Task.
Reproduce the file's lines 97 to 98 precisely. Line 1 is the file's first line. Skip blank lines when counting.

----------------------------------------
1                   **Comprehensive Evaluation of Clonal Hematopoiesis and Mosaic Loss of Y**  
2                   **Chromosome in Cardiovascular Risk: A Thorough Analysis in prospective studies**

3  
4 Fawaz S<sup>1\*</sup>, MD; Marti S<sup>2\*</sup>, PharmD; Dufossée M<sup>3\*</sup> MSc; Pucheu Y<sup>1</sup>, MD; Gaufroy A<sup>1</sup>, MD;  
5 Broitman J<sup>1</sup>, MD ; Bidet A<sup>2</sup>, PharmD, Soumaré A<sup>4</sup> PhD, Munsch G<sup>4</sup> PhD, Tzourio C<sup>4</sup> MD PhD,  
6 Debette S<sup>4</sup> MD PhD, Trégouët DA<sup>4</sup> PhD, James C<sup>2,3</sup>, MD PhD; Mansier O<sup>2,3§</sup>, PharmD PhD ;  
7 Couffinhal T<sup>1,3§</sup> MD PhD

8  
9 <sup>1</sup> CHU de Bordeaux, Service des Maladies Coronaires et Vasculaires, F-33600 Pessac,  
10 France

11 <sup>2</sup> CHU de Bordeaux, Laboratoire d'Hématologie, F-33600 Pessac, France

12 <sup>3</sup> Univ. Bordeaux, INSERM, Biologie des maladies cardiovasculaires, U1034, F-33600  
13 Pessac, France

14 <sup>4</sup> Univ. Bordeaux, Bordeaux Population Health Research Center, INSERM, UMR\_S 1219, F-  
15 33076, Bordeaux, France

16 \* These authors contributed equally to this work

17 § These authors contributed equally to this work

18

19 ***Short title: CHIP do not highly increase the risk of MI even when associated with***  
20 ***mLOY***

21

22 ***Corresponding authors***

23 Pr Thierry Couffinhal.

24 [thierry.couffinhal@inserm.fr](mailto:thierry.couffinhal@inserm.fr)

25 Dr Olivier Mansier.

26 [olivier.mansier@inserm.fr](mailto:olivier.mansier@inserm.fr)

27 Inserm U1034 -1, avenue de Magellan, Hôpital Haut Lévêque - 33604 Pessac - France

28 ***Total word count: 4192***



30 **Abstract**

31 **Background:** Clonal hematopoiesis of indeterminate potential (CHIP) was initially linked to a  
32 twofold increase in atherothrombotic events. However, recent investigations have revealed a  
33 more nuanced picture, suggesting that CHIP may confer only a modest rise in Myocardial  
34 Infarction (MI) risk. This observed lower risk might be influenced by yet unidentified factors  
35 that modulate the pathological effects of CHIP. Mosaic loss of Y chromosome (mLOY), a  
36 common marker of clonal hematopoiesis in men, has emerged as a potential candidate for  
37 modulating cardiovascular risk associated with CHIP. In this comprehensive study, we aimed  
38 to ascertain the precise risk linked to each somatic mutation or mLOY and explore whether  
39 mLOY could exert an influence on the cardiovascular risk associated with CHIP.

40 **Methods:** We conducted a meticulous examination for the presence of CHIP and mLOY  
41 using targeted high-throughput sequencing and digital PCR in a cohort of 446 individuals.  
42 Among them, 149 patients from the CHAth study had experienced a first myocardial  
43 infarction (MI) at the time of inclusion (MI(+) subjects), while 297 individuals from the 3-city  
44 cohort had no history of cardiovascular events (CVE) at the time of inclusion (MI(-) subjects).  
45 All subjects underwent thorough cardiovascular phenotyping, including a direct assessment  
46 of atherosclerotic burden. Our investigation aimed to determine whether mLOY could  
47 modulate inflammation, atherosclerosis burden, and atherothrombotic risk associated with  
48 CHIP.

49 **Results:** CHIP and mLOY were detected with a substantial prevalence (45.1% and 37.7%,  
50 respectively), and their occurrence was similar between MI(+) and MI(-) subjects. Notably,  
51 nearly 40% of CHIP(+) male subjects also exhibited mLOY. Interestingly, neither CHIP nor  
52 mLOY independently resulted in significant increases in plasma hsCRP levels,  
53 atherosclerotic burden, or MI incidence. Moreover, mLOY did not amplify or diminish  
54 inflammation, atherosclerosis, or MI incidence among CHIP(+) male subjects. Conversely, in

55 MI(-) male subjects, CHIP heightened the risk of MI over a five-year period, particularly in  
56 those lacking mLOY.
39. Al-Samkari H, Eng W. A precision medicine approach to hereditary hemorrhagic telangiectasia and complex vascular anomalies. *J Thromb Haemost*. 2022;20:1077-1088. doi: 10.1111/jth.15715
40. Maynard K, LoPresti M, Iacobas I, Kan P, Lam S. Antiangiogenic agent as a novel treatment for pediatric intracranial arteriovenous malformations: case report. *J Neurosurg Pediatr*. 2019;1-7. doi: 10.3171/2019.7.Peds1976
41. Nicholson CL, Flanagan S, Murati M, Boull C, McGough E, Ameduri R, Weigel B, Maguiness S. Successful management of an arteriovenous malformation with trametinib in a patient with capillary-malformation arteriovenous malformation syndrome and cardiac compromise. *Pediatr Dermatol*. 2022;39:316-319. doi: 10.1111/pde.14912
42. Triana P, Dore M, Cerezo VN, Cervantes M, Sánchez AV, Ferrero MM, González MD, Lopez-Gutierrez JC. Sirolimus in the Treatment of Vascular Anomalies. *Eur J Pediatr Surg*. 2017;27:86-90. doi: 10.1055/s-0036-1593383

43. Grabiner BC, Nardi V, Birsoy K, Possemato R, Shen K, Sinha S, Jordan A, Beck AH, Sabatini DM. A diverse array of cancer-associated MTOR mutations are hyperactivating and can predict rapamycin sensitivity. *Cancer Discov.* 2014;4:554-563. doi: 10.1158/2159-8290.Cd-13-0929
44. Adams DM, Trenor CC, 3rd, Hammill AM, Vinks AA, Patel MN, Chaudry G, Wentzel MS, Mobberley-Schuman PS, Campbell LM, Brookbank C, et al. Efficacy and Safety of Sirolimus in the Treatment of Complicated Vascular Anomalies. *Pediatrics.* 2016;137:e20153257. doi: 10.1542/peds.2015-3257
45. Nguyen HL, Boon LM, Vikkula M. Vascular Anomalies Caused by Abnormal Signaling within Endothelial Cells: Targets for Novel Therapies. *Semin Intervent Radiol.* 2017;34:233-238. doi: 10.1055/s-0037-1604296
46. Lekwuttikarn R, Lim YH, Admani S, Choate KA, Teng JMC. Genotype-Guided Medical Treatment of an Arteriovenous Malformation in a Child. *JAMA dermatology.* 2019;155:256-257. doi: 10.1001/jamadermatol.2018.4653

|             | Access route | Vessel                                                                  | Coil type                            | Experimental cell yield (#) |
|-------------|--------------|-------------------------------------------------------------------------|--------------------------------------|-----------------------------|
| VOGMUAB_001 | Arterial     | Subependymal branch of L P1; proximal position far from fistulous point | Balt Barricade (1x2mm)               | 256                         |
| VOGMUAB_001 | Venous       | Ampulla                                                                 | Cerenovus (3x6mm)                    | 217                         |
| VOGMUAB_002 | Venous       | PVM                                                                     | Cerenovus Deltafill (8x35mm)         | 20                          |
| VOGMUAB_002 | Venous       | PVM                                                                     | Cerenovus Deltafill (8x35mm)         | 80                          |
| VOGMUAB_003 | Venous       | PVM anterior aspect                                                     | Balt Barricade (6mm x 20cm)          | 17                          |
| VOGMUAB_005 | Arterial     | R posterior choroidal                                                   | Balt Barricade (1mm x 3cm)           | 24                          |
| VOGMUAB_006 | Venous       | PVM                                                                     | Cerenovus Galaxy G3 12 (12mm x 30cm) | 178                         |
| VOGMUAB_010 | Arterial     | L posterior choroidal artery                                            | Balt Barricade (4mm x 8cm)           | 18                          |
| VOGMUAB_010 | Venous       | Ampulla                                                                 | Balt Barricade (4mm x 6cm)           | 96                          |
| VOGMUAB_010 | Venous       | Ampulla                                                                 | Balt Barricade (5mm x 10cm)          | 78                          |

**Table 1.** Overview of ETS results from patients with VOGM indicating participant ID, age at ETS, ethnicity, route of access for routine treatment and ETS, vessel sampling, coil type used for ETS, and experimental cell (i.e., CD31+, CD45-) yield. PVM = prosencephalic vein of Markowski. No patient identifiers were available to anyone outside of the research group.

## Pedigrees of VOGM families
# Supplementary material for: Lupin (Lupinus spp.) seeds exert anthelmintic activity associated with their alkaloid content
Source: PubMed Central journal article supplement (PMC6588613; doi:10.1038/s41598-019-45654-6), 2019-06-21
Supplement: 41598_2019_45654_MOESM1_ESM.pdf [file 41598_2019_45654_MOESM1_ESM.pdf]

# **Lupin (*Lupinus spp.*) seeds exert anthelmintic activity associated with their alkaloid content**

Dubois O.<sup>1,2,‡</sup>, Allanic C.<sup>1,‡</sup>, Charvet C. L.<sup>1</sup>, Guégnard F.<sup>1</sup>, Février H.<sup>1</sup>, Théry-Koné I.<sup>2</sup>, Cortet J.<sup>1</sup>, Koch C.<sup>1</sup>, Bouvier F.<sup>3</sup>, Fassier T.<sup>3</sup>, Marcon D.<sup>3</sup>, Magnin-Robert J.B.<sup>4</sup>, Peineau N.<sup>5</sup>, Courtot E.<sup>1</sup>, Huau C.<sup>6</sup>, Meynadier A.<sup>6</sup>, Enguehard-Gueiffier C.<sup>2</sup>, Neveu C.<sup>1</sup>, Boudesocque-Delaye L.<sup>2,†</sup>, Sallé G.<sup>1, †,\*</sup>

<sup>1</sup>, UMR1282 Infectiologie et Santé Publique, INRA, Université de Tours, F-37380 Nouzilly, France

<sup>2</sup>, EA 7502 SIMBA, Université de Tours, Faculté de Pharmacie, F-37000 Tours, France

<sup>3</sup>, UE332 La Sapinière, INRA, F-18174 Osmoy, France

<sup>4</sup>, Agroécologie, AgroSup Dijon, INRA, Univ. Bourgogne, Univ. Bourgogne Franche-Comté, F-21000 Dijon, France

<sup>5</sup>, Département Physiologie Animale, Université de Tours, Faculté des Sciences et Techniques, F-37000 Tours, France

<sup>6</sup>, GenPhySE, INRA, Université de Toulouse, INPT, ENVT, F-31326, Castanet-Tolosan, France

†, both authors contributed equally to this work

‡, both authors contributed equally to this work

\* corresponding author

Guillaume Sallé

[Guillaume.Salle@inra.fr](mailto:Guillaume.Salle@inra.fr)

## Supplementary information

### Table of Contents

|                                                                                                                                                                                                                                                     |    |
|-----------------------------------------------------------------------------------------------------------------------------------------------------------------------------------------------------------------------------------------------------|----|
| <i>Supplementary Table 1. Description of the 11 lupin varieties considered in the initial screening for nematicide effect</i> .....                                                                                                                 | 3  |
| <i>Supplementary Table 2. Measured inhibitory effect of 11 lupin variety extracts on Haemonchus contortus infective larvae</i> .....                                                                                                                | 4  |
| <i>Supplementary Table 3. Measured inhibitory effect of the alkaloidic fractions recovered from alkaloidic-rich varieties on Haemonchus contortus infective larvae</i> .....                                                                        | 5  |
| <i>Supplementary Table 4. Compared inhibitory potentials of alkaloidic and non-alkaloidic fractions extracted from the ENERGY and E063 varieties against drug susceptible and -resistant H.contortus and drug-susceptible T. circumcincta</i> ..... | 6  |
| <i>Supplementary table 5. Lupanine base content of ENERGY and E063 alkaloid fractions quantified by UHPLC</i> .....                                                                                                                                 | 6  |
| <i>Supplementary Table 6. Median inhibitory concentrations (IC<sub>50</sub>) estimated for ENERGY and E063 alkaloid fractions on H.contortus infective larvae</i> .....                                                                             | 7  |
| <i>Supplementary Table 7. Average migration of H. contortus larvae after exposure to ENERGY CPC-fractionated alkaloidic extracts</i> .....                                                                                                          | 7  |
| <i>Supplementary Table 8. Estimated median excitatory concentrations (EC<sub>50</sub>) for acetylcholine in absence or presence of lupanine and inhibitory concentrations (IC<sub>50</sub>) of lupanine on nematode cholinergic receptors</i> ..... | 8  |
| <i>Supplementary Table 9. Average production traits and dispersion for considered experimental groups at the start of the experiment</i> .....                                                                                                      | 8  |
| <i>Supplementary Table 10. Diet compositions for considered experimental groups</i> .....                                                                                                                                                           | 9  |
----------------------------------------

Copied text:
|-----------------------------------------------------------------------------------------------------------------------------------------------------------------------------------------------------------------------------------------------------|----|
| <i>Supplementary Table 1. Description of the 11 lupin varieties considered in the initial screening for nematicide effect</i> .....                                                                                                                 | 3  |